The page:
Under the Feeney Amendment, upon a resentencing after remand, the district court is required to apply the Guidelines that were in effect at the time of the original sentencing. In other words, the defendant is not entitled to the benefit of any later, more favorable, changes in sentencing law. Does this violate the Ex Post Facto Clause? No.
[T]he application of the Feeney Amendment to the Bordons’ sentences does not violate the Ex Post Facto Clause. In Hock v. Singletary, this Court explained, “The Ex Post Facto Clause operates not to protect an individual's right to less punishment, but rather as a means of assuring that an individual will receive fair warning of criminal statutes and the punishments they carry.” The Feeney Amendment requires that the Sentencing Guidelines in place at the Bordons’ original sentencing be applied on remand.
In this case, the Amendment does not impose a greater sentence on the Bordons, but merely declines to grant them a favorable change in the law that occurred after they committed their crime. In Johnson v. United States, the Supreme Court explained that in order to prevail on an ex post facto claim, a defendant “must show both that the law he challenges operates retroactively (that it applies to conduct completed before its enactment) and that it raises the penalty from whatever the law provided when he acted.” The Feeney Amendment does not raise the penalty from what it was at the time the Bordons committed their crime, and therefore does not violate the Ex Post Facto Clause. When the Sentencing Commission revised the guideline associated with money laundering, U.S.S.G. § 2S1.1, it did not indicate that the amendment should be applied retroactively. Accordingly, the district court properly used the 1998 version of U.S.S.G. § 2S1.1 because that was the version of the Guidelines in effect on the date of the Bordons’ previous sentencing, prior to their first and second appeals.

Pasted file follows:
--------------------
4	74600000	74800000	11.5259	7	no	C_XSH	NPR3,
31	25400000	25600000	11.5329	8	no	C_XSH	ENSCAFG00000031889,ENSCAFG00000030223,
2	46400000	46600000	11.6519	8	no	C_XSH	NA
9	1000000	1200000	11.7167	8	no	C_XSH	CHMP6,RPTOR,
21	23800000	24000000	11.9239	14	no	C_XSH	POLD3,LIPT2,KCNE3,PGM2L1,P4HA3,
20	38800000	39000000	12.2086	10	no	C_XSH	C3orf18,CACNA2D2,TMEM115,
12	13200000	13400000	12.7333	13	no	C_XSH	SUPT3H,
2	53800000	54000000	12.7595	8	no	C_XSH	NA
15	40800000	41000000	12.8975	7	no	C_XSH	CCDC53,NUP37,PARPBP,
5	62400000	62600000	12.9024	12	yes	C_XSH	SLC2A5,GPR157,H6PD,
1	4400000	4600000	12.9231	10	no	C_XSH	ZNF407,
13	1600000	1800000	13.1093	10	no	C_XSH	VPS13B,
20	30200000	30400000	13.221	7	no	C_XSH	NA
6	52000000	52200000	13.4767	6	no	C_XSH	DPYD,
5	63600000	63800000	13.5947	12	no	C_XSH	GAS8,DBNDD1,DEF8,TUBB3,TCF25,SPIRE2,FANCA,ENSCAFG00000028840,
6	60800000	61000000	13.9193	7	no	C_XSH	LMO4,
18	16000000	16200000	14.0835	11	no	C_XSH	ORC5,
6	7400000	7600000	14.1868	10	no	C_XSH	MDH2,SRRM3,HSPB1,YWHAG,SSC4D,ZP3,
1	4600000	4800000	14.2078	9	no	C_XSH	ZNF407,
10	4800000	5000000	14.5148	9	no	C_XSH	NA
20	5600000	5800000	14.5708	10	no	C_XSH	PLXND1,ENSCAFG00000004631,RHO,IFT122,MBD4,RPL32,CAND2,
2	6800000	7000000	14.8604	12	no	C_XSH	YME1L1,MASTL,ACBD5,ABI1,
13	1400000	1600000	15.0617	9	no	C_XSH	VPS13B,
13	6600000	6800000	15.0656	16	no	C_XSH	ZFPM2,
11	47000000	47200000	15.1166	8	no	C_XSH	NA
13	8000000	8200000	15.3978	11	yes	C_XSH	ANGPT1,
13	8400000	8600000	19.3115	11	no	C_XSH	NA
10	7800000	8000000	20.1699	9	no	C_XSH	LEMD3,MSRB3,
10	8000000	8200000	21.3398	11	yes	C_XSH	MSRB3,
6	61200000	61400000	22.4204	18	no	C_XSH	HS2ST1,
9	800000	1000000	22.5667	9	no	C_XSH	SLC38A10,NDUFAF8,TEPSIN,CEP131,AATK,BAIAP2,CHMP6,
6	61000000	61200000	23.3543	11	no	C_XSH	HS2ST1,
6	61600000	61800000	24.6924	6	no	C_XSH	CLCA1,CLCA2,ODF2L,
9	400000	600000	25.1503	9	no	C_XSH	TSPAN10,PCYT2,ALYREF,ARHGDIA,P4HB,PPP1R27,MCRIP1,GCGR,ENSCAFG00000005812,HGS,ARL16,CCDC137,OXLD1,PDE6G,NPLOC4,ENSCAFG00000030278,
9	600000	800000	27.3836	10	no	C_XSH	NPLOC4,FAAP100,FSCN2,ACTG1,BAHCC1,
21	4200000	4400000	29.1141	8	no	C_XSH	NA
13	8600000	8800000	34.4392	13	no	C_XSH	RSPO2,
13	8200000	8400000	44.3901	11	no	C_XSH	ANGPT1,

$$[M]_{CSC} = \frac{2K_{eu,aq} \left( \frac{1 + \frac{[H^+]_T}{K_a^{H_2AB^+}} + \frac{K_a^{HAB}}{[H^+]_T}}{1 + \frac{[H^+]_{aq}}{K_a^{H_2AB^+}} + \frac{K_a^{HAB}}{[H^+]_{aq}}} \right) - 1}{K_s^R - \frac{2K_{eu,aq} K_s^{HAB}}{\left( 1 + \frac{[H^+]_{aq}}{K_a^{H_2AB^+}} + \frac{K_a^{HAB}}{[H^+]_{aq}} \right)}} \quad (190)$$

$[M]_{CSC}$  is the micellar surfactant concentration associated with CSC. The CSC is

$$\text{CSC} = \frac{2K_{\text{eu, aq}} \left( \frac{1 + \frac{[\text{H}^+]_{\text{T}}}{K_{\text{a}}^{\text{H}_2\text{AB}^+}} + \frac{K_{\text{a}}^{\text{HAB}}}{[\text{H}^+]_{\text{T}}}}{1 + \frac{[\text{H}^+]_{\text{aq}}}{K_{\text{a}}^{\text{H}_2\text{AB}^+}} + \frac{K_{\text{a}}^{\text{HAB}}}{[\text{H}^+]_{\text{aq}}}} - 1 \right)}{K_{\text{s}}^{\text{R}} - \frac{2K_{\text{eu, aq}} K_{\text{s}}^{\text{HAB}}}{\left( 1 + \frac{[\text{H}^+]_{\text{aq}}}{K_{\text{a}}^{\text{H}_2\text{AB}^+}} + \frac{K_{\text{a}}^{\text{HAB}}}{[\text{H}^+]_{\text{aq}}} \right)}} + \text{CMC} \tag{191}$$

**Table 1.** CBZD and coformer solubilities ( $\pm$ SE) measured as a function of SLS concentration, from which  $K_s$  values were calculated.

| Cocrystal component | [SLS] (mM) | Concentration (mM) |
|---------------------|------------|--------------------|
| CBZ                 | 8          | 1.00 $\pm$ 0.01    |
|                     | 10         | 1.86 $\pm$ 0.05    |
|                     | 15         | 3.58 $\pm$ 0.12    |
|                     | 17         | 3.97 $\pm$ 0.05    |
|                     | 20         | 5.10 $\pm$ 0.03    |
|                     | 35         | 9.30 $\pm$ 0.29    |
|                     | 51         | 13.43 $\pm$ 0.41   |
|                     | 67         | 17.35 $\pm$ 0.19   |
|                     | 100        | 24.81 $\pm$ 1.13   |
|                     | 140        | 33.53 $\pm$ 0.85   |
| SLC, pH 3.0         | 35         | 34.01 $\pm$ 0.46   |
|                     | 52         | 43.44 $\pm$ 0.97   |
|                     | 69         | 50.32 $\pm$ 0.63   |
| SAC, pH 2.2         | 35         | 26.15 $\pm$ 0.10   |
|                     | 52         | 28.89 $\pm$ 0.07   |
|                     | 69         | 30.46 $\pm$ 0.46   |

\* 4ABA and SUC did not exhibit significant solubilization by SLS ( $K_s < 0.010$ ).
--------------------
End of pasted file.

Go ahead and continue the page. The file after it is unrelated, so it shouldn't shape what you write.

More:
United States v. Bordon (CA11).